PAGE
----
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| 15 September, 2018

Genetics, lifestyle major causes for heart diseases

Experts said the risk of death from CVD is the same among women and men.

Surgeons at The Queen Elizabeth Hospital Birmingham conduct an operation on June 14, 2006, Birmingham, England. 
Image used for illustrative purposes.

Surgeons at The Queen Elizabeth Hospital Birmingham conduct an operation on June 14, 2006, Birmingham, England. Image used for illustrative purposes.

Getty Images/Christopher Furlong

Every two seconds, someone dies in the world due to cardiovascular (CVD) disease.

Experts at a media workshop titled 'Towards new treatments for cardiovascular diseases' organised by Bayer and held along the sidelines of the recently concluded European Society of Cardiology Congress 2018 in Munich said the risk of death from CVD is the same among women and men.

"This is partly due to a westernised lifestyle which includes less movement and eating more of junk," said Professor Martin Cowe, Imperial College London and Honorary Consultant Cardiologist, Royal Brompton Hospital, London, UK.

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"There are perceptions that men are more susceptible to CVD than women but this is not the case," he said.

Speaking to Khaleej Times, Prof Cowie said that lots of young men from the Middle East including Kuwait, Qatar and UAE were developing heart disease. "This is partly because of the genetic make-up and the rest is because of the lifestyle due to which they are less active and consume more calories - basically a combination of genes and unhealthy lifestyle," he said.

He also said that there was a trend of smoking the hookah pipes in the Middle East which led to an increase in CVDs. "This hookah is equal to smoking 100 cigarettes in an hour," he explained.

Smoking thickens the blood and leads to heart failure in the 40s in both sexes. "As age increases, the risk of developing heart disease also goes up. Risk factors are the same for men and women," he said.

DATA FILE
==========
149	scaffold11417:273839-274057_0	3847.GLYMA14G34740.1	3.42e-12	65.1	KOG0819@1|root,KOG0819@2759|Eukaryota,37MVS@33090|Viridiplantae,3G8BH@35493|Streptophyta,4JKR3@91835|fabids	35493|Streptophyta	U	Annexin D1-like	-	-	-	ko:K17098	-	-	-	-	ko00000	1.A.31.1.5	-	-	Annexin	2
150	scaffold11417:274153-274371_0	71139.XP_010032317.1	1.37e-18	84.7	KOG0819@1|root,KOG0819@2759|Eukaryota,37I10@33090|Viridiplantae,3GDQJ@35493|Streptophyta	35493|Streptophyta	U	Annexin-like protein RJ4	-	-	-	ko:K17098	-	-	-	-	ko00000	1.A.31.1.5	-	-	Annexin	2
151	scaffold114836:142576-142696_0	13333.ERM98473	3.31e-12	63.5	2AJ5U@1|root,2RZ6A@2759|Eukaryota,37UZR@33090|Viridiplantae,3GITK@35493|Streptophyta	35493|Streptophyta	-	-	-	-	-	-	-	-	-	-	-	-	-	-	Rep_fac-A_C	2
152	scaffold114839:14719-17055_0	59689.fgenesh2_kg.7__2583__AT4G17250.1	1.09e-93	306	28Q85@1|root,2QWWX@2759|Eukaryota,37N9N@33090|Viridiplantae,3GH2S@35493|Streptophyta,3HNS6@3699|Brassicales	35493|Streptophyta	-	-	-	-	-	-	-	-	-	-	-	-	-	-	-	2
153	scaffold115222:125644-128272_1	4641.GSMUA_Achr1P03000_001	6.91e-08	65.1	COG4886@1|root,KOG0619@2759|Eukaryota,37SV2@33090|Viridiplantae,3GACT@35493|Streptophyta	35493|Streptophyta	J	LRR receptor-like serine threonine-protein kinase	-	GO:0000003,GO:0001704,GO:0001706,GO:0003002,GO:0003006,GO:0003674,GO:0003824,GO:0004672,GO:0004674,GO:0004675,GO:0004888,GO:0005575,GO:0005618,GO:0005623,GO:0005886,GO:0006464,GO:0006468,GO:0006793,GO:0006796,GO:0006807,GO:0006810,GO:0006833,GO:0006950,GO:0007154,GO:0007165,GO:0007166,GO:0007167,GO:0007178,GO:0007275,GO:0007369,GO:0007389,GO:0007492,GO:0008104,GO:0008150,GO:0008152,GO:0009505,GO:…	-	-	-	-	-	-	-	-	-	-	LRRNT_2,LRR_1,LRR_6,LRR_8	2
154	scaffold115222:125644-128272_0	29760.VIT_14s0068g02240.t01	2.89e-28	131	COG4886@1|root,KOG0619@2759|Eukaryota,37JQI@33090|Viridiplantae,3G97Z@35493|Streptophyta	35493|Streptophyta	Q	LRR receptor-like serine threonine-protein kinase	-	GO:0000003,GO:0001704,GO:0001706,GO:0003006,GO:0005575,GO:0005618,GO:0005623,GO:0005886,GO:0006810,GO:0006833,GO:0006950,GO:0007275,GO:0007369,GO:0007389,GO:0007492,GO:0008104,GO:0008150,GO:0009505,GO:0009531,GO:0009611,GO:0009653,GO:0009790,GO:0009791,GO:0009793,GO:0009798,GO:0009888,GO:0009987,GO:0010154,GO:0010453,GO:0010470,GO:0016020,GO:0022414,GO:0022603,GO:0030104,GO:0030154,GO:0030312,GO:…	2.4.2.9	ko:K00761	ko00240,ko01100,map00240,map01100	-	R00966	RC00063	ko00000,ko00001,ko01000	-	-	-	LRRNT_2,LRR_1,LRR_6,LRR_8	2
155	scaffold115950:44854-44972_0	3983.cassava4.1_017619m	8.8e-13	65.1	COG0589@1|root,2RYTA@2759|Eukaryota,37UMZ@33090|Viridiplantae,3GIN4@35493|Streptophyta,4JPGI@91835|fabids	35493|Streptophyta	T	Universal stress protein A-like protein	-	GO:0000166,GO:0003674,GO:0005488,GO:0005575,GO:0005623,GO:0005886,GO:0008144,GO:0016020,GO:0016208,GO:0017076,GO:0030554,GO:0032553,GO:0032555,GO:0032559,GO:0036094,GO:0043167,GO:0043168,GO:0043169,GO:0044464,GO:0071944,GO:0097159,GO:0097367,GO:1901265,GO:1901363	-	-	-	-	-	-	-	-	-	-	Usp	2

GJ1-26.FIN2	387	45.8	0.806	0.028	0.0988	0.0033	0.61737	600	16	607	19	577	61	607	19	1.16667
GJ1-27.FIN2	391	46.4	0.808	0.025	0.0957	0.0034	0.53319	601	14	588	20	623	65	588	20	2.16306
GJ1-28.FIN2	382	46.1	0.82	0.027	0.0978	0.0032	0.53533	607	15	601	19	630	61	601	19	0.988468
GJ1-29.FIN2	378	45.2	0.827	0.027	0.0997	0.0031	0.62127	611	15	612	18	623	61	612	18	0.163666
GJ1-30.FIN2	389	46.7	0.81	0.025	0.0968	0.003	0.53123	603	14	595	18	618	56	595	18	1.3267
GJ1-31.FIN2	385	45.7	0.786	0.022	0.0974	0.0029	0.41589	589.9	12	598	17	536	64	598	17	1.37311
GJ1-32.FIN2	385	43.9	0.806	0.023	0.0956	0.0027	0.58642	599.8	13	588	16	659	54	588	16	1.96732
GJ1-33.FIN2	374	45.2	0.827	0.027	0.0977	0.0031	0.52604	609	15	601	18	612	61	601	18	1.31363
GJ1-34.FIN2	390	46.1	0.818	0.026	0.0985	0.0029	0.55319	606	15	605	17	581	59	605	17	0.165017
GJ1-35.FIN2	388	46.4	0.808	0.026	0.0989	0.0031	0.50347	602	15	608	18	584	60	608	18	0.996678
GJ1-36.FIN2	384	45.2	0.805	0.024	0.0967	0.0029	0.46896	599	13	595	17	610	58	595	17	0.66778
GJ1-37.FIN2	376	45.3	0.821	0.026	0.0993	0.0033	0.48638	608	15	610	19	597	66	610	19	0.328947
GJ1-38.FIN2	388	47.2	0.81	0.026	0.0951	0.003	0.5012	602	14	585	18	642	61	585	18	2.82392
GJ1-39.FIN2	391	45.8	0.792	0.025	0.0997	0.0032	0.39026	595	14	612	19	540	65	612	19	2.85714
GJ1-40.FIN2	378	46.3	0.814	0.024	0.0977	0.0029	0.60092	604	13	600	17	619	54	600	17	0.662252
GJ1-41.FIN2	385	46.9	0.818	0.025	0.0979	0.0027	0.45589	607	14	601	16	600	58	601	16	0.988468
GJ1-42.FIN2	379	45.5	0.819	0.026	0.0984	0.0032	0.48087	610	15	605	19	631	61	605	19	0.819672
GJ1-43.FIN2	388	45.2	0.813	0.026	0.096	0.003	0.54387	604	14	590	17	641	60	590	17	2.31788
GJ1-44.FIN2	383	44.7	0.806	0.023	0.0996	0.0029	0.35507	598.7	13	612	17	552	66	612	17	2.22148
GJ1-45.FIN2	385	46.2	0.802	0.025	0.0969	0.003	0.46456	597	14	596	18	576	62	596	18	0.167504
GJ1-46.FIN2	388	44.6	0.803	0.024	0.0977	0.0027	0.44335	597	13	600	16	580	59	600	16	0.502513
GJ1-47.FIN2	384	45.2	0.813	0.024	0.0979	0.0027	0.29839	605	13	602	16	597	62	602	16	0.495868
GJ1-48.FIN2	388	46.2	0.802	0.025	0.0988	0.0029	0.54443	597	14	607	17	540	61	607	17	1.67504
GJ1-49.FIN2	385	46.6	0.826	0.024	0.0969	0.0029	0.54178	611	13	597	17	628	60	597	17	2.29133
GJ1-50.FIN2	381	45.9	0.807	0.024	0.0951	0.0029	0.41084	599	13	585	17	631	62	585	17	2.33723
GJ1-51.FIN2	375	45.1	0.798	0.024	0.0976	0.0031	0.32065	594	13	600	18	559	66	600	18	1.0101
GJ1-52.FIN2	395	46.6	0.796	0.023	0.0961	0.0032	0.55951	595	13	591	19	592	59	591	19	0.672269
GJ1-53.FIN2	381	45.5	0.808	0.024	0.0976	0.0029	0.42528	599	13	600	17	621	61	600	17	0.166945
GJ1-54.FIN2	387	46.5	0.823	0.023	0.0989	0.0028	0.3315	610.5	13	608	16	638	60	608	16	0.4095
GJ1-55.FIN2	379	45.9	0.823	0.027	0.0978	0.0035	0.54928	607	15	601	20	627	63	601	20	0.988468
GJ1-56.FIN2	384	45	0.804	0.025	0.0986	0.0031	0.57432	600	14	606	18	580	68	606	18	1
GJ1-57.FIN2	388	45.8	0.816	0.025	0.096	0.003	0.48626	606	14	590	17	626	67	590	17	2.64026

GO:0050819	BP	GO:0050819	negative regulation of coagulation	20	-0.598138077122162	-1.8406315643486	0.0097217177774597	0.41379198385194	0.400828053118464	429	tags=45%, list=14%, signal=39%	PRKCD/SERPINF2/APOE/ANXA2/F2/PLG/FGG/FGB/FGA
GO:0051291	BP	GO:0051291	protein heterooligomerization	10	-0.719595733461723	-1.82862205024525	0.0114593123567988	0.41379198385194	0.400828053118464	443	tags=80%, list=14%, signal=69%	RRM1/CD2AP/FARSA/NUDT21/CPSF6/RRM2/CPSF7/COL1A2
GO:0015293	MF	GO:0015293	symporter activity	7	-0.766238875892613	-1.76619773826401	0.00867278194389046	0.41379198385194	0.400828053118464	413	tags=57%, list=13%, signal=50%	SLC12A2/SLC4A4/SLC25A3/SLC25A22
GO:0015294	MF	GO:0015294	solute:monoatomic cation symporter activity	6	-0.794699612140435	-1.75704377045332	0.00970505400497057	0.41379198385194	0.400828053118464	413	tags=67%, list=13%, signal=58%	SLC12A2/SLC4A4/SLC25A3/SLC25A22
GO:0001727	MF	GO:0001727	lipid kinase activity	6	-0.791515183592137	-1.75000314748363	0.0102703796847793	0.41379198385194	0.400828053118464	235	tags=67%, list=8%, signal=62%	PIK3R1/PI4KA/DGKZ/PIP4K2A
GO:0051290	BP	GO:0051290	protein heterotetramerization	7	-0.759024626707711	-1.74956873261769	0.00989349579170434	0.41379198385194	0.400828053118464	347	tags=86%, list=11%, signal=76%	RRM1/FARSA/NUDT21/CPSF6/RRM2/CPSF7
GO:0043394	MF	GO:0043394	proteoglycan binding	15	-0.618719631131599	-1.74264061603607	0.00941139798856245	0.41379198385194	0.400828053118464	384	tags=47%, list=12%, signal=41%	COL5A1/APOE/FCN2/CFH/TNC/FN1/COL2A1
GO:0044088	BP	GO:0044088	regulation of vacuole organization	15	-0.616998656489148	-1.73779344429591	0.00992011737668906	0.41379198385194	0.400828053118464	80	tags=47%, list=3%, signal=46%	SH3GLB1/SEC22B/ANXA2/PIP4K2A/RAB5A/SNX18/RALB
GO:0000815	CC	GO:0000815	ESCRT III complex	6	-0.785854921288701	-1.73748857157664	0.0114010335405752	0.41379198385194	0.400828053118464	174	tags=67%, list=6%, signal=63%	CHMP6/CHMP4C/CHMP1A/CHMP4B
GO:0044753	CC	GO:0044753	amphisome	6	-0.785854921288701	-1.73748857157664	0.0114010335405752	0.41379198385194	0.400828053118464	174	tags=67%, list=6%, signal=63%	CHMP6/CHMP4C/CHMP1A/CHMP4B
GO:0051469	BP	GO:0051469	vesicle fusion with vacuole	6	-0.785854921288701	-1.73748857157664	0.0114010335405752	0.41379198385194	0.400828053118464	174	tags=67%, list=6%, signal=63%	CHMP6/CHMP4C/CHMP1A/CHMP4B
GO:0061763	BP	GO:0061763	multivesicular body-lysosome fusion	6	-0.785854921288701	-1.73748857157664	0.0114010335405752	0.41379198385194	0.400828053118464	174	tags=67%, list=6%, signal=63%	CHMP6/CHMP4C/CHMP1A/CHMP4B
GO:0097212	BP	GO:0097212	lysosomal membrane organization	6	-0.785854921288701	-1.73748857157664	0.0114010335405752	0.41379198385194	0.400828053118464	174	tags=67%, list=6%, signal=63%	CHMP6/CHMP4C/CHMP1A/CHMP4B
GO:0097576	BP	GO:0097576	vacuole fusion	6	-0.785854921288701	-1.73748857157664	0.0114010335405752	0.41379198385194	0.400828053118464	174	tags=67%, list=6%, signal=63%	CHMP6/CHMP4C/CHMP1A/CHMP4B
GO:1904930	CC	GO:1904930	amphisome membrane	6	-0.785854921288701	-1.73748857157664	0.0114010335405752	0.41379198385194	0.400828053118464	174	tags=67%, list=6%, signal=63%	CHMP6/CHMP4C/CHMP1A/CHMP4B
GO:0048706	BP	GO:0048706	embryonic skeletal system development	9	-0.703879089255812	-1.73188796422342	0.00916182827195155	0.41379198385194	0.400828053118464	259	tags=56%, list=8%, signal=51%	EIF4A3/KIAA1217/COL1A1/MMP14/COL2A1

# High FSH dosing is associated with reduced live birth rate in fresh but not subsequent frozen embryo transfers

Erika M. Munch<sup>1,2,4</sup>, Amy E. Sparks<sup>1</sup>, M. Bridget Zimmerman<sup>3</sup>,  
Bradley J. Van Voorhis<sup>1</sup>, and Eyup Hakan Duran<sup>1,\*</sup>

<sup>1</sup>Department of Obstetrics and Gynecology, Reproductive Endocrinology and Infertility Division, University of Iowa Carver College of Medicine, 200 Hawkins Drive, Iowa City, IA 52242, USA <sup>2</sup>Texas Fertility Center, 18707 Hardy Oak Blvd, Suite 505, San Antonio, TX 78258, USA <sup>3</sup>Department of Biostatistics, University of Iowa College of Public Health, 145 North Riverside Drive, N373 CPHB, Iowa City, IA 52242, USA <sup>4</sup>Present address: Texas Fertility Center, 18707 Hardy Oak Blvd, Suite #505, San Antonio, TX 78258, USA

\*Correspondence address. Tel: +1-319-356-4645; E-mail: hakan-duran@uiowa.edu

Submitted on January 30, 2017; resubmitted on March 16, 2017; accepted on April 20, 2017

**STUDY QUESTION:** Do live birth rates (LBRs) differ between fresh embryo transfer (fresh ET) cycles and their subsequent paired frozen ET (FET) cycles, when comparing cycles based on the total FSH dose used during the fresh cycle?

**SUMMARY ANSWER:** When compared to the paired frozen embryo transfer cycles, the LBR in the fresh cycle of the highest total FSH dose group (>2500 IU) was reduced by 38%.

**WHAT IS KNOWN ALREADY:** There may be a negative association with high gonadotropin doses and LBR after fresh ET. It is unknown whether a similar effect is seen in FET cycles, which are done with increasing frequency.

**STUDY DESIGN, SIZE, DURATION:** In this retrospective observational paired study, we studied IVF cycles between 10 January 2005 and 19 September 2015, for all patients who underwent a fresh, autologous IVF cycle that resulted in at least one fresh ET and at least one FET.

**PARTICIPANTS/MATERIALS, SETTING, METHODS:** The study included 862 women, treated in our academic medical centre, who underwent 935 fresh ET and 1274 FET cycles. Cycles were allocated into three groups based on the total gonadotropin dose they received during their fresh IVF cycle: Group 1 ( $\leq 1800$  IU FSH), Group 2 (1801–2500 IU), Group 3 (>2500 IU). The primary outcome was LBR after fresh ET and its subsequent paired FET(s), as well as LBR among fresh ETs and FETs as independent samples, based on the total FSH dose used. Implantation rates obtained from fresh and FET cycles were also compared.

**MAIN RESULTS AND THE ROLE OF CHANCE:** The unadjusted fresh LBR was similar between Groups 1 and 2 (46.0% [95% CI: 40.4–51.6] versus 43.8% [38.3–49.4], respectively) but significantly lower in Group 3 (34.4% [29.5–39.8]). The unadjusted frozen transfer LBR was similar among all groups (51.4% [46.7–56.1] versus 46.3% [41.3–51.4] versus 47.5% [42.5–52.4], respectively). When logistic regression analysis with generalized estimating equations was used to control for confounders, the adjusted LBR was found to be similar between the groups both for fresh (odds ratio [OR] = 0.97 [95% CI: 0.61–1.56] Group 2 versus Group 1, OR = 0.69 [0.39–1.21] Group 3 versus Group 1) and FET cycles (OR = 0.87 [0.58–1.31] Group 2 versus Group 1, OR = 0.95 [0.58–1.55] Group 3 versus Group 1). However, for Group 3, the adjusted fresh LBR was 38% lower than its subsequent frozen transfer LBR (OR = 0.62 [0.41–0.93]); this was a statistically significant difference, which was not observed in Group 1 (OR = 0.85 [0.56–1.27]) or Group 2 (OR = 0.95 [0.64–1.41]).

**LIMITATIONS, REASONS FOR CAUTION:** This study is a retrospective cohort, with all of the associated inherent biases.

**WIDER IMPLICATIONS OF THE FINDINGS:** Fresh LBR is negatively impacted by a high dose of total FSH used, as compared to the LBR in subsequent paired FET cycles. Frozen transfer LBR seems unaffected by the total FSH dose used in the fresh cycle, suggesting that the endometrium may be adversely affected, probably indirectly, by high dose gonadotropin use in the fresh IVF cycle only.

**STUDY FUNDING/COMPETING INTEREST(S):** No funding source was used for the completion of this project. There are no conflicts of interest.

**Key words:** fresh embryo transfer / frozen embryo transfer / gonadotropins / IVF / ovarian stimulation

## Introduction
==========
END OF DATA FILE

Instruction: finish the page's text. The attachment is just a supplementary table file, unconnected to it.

The region suffers from a high rate of CVD because of the sedentary lifestyle, said Hassan Al Tamimi, professor at Mohammed Bin Rashid University (MBRU) and Cardiovascular Consultant at Mediclinic, Dubai.

"The rate of diabetes is 40 per cent in the UAE which is a risk factor along with hypertension," he told Khaleej Times. "Even though it is a cosmopolitan population, the rate of diabetes is higher in locals," he said.

He said women were protected by hormones until menopause. "Risk manifestation is later in life for women and men are more prone to heart disease."

He said heart attack in women was different. "It's stereotyped. women feel unwell and short of breath and women who smoke are more at risk," he added.

Cardiovascular diseases accounted for 17.7m deaths in 2015

Cardiovascular disease (CVD) is the leading cause of death worldwide. It includes a group of disorders of the heart or blood vessels.

Coronary artery disease (CAD) caused by a build-up of plaque in the coronary arteries which supply blood to the heart and may lead to serious events such as heart attack and stroke. This is the most common type of heart disease and led to 8.8 million deaths worldwide in 2015.

Peripheral artery disease (PAD) caused by build-up of plaque in the peripheral arteries which supply blood to the limbs and can lead to gangrene and amputation. If progressed PAD can also lead to complications associated with CAD including heart attack. PAD is estimated to affect over 202 million people worldwide.

CVD accounted for 17.7 million deaths globally in 2015 or the equivalent of the entire population of the Netherlands. If the current rate continues, in 2030 this could be the equivalent of the entire population of Australia.

Contrary to common belief, it affects all ages. For example even for those aged 30-49, ischaemic heart disease is already the second biggest cause of death globally. It is the highest for those aged over 50.

It is more than a patient's health, CVD affects patients' quality of life as well as wider society. The impact on healthcare systems was 111 billion euros in 2017. With those unable to work in Europe due to CVD, 54 billion euros in productivity losses was recorded in 2017. The economic costs of treating and managing patients in europe accounted to 210 billion euros in 2017.

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